Most college students do the bulk of their electronic communication via text messaging. But they may need to send emails when contacting professors.
Texting is casual: A student may not think twice about abbreviating long words or swapping punctuation marks for emojis when composing a message. But standards for emailing are different, especially in academic settings. Students’ emails can influence the way their professors view them, experts say.
“Think about what type of student and person you want your professor to perceive you as,” Michael Burns, a senior lecturer and director of career readiness in the communication studies department at Texas State University, wrote in an email. “The way you structure and communicate in an email creates an impression and you want to make sure you are being perceived in a positive way.”
Here are some mistakes to avoid and principles to keep in mind when emailing a professor.
— Email from a personal account.
— Use a nondescript subject line.
— Forget a proper salutation.
— Rush the professor.
Don’t Email From a Personal Account
Some professors will not open emails that come from unfamiliar addresses. And even those that do may never receive one sent from a student’s personal account, according to Burns.
“It is not that I won’t open an email from an address I don’t recognize, it’s more about the fact that many university firewalls send messages from unknown or non-university emails to junk and we don’t see them,” he says. “Students should always use their university email addresses when corresponding with a professor.”
Don’t Use a Nondescript Subject Line
“The subject line of your email matters just as much as the contents that are within the email,” says Staci Perryman-Clark, director of the Institute for Intercultural and Anthropological Studies and an English professor at Western Michigan University.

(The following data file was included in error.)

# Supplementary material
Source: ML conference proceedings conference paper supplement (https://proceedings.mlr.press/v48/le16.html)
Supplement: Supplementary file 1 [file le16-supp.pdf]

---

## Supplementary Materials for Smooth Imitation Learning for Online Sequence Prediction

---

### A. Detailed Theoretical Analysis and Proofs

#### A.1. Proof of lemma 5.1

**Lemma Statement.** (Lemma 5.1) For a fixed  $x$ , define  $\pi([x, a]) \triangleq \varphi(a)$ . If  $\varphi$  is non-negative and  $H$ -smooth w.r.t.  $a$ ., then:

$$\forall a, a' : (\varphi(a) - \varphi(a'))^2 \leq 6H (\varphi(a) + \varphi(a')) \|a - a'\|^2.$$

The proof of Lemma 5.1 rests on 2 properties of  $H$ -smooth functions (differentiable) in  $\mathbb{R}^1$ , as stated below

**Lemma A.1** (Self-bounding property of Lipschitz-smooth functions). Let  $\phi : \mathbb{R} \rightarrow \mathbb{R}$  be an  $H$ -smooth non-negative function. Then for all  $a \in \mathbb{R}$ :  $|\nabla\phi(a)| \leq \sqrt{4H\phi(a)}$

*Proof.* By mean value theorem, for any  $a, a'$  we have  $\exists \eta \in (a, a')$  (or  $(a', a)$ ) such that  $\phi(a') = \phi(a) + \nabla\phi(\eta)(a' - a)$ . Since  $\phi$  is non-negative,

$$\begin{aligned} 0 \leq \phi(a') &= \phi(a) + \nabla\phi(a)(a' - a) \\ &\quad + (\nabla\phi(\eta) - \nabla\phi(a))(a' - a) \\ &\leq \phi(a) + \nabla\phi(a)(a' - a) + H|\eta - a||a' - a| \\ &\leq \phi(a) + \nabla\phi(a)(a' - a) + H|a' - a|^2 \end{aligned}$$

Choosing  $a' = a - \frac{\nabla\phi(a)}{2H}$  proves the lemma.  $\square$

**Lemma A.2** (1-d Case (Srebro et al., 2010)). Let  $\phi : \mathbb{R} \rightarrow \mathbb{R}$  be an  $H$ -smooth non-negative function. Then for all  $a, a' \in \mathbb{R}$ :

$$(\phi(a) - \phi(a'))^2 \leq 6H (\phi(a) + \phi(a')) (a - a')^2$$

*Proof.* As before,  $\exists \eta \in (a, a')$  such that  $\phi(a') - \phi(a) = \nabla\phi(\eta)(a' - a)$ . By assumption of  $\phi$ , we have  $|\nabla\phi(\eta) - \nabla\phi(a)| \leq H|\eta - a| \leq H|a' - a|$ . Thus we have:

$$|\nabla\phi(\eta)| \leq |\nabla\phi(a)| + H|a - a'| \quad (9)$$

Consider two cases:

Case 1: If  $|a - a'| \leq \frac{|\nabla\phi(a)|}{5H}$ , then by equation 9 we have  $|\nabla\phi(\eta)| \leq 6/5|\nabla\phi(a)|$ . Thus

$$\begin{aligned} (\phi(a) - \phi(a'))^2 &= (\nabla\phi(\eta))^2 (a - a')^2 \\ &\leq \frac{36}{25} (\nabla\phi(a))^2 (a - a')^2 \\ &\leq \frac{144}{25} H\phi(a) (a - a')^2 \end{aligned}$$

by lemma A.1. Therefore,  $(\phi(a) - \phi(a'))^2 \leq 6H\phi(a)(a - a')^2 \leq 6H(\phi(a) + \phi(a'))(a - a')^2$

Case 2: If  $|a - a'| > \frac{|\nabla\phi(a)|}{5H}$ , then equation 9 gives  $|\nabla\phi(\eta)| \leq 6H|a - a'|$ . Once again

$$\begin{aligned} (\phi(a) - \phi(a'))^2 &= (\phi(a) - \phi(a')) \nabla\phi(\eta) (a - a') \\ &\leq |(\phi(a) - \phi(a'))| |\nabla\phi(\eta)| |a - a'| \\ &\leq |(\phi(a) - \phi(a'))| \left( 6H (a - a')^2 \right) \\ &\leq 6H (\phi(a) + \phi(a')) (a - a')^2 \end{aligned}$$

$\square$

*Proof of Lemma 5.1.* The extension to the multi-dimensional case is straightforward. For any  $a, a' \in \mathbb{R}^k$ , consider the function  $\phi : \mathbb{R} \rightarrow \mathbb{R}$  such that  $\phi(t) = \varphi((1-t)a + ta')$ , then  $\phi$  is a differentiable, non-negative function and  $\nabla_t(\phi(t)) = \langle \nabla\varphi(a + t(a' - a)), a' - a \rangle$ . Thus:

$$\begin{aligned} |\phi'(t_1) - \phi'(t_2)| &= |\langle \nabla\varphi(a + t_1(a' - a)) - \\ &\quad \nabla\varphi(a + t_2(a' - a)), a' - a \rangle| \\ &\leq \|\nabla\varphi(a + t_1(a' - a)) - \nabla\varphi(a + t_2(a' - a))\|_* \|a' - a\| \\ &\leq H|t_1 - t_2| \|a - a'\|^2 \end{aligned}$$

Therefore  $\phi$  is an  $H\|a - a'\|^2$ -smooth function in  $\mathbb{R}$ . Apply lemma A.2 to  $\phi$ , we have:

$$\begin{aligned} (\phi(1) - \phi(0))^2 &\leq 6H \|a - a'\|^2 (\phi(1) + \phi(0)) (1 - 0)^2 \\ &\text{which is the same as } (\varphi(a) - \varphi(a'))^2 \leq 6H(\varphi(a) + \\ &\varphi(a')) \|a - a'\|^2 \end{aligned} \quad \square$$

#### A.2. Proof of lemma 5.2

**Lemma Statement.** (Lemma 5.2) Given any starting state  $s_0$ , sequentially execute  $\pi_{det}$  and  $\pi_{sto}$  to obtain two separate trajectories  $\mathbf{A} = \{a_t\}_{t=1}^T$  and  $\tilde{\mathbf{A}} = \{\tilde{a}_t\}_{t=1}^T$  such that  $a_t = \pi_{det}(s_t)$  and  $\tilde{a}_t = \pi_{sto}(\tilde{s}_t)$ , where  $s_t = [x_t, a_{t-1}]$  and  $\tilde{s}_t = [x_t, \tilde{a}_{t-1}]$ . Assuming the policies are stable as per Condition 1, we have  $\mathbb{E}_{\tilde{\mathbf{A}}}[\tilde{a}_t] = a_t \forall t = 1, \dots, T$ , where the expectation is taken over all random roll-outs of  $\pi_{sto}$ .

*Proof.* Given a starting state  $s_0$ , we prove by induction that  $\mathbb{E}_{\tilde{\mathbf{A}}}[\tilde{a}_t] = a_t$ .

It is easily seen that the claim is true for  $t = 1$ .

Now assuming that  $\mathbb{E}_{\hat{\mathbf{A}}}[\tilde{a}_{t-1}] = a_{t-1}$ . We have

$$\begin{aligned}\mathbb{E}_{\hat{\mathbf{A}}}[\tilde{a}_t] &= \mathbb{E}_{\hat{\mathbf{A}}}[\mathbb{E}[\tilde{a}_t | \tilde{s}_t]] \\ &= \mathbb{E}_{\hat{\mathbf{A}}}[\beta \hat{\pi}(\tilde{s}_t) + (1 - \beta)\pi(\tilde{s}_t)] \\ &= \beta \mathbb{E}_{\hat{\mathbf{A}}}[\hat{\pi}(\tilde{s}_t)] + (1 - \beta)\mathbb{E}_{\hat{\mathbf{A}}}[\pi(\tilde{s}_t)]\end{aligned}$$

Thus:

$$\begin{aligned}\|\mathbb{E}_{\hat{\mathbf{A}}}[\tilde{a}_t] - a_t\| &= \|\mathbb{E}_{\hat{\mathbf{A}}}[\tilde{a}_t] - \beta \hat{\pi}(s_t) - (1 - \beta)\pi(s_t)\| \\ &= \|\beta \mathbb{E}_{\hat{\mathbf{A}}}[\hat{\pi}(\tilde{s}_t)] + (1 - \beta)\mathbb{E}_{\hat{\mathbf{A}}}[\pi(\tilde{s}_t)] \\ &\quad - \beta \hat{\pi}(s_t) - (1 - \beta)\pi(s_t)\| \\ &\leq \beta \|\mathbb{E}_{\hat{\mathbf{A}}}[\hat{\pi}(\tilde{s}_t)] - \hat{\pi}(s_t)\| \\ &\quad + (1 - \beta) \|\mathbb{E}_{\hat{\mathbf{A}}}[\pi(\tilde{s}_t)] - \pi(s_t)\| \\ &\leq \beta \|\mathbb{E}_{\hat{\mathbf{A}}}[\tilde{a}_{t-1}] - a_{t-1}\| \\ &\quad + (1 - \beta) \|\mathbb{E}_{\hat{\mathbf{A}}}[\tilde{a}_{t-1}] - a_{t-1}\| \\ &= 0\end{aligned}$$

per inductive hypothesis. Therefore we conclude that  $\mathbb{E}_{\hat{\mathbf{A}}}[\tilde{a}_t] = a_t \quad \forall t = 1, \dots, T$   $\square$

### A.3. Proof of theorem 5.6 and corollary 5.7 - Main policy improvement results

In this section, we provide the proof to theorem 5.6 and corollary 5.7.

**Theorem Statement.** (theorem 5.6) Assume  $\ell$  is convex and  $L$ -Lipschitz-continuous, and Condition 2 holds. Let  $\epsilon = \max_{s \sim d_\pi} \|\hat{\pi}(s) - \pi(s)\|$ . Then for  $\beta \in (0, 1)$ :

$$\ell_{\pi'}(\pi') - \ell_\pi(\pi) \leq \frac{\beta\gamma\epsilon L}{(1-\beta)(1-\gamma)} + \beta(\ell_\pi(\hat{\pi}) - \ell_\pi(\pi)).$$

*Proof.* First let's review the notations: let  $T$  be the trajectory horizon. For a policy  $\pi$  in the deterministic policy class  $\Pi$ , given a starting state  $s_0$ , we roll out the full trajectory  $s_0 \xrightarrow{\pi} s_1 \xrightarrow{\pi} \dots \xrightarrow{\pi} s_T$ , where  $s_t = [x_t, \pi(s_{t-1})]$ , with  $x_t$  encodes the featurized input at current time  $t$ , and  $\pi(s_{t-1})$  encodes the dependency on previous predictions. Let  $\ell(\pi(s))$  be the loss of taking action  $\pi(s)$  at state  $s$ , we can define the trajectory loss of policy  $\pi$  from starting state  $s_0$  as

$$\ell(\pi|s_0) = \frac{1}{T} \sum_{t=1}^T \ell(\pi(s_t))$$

Marilyn Sanders Mobley, professor emerita of English and African American Studies at Case Western Reserve University in Ohio, says students need good subject lines to ensure their emails do not get overlooked.
Clear subject lines allow professors to understand the urgency of a student’s inquiry. Students can demonstrate professionalism by using subject lines that properly summarize the contents of their message.
“If you have a question, be specific about what the question is in your subject line,” Perryman-Clark says. “For instance, you could say ‘Question About Chapter 2’s Review Sheet’ instead of just simply stating ‘Question.'”
Don’t Forget a Proper Salutation
While students may be accustomed to starting electronic conversations with the terms “Hey” or “Hi,” experts encourage them to use more formal salutations when addressing professors. Mobley and Latrise Johnson, associate professor of English language arts and literacy at the University of Alabama, offer “Hello,” “Dear,” “Good morning” or “Good afternoon” as appropriate alternatives.
Students reaching out for the first time may not know what their professor wants to be called. Some professors with doctoral degrees may prefer a “Dr.” title. Others prefer their first name. When in doubt, “Professor” is a safe bet, according to Perryman-Clark.